Iran, Israel, and the Necessity of Political Boogeymen

No matter where or when a politician runs for office, the one thing they will always need is a political boogeyman.  They must have some real or imagined evil taking place that they believe they could fix if we just give them our vote at the polls.  And this is natural since the opposite would sound rather ridiculous.  “Please elect me because things are perfect and I want to continue that by not changing anything and doing as little as possible.”  Despite the fact it probably seems like many politicians do close to nothing at times, they certainly couldn’t win an election with that platform.  (Except maybe in the gerrymandered and uncompetitive districts in America.  They could probably still win those.  Only half kidding, sadly.)

The boogeymen usually have two key characteristics.  The first is that the politician sees the evil being performed as an abnormality from their perception of societal norms.  The second, typically, is that the boogeymen have little to no political power, preferably no voting power.  Take for instance illegal immigrants, criminals, foreign country/ideas influences, or the poor (since their voting turnout is lower than the shrinking middle class and the getting wealthier wealthy).  If you haven’t heard a politician angrily talk about these evils, you haven’t heard a politician talk.

Most will remember Israeli Prime Minister Netanyahu’s Looney Tunes-like diagram he held up during his speech at the United Nations last September when he suggested Iran would be most of the way to a nuclear bomb by early-to-mid 2013.  The potential prospect suggested seemed a bit scary while at the same time the presentation was a bit unintentionally humorous.  But Netanyahu was just doing what he needed to help himself as a politician.  He had an election coming and he needed to show why he was the one Israel should choose to continue its fight against its enemies.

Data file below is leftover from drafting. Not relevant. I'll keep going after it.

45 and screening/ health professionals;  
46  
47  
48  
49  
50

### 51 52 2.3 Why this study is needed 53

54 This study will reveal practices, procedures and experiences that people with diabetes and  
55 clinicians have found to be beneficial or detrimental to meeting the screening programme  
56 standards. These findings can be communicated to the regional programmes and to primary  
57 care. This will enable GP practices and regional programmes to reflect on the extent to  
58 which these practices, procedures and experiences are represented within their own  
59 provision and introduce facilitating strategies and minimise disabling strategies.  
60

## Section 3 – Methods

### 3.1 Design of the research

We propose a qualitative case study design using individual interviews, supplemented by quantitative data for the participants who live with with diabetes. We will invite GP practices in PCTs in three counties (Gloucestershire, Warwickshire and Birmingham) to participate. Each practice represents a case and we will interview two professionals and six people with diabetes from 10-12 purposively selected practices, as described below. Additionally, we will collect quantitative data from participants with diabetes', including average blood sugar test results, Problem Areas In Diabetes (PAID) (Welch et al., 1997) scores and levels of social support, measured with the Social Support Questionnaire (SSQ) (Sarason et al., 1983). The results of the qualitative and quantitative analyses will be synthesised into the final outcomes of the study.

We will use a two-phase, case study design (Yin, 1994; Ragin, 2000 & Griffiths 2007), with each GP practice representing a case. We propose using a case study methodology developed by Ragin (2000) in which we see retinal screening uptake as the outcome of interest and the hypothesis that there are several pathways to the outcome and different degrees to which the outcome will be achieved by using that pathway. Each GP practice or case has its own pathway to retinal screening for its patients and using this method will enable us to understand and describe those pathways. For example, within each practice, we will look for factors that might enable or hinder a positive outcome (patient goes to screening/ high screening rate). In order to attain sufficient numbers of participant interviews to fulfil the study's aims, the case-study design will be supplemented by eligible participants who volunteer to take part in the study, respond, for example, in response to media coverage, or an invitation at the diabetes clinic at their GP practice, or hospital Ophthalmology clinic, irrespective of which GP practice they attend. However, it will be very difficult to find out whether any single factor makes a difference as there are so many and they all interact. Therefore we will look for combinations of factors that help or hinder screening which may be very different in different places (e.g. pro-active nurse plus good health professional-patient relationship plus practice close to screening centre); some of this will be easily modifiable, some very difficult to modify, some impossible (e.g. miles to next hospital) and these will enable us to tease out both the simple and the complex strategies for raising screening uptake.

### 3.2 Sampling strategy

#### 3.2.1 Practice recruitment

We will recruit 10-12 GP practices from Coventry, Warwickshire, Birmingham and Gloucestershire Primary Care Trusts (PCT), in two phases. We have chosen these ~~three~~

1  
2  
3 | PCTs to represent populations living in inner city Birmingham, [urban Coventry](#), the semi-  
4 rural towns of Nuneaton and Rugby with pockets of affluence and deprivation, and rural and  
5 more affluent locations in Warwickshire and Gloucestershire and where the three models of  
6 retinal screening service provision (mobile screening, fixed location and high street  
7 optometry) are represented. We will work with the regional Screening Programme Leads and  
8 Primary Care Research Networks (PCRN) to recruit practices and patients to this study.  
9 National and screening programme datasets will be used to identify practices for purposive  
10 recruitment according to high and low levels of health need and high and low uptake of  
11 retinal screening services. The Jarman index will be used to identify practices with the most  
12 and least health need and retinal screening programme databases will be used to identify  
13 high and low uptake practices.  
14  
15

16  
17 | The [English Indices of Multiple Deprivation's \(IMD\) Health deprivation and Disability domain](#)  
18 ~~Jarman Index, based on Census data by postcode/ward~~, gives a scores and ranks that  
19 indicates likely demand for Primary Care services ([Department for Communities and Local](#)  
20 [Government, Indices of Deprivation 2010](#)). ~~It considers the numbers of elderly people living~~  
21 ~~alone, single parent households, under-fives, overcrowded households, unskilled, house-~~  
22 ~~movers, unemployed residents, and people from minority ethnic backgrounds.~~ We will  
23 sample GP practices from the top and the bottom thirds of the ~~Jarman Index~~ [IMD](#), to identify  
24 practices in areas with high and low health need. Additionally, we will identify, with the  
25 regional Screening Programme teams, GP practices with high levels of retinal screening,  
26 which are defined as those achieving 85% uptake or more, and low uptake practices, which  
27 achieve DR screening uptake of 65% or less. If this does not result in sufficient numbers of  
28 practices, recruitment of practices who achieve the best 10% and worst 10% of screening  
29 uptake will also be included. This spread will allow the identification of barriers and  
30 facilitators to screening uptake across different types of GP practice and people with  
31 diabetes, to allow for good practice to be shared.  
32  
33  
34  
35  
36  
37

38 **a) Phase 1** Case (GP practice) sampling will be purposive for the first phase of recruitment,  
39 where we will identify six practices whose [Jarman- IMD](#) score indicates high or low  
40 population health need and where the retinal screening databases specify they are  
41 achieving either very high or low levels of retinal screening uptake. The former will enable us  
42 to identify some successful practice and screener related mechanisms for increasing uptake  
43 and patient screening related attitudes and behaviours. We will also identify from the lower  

In a recent article in Foreign Affairs, Jacques E. C. Hymans addresses the overall situation between the West and Iran and particularly the numerous failed intelligence assessments by both the U.S. and Israel, at least failed when reality is compared to the rhetoric of each country’s politicians.  Hymans points out the move could be political but strangely dismisses the idea for the exact reason it should, in fact, be seen as political.  Hymans argument: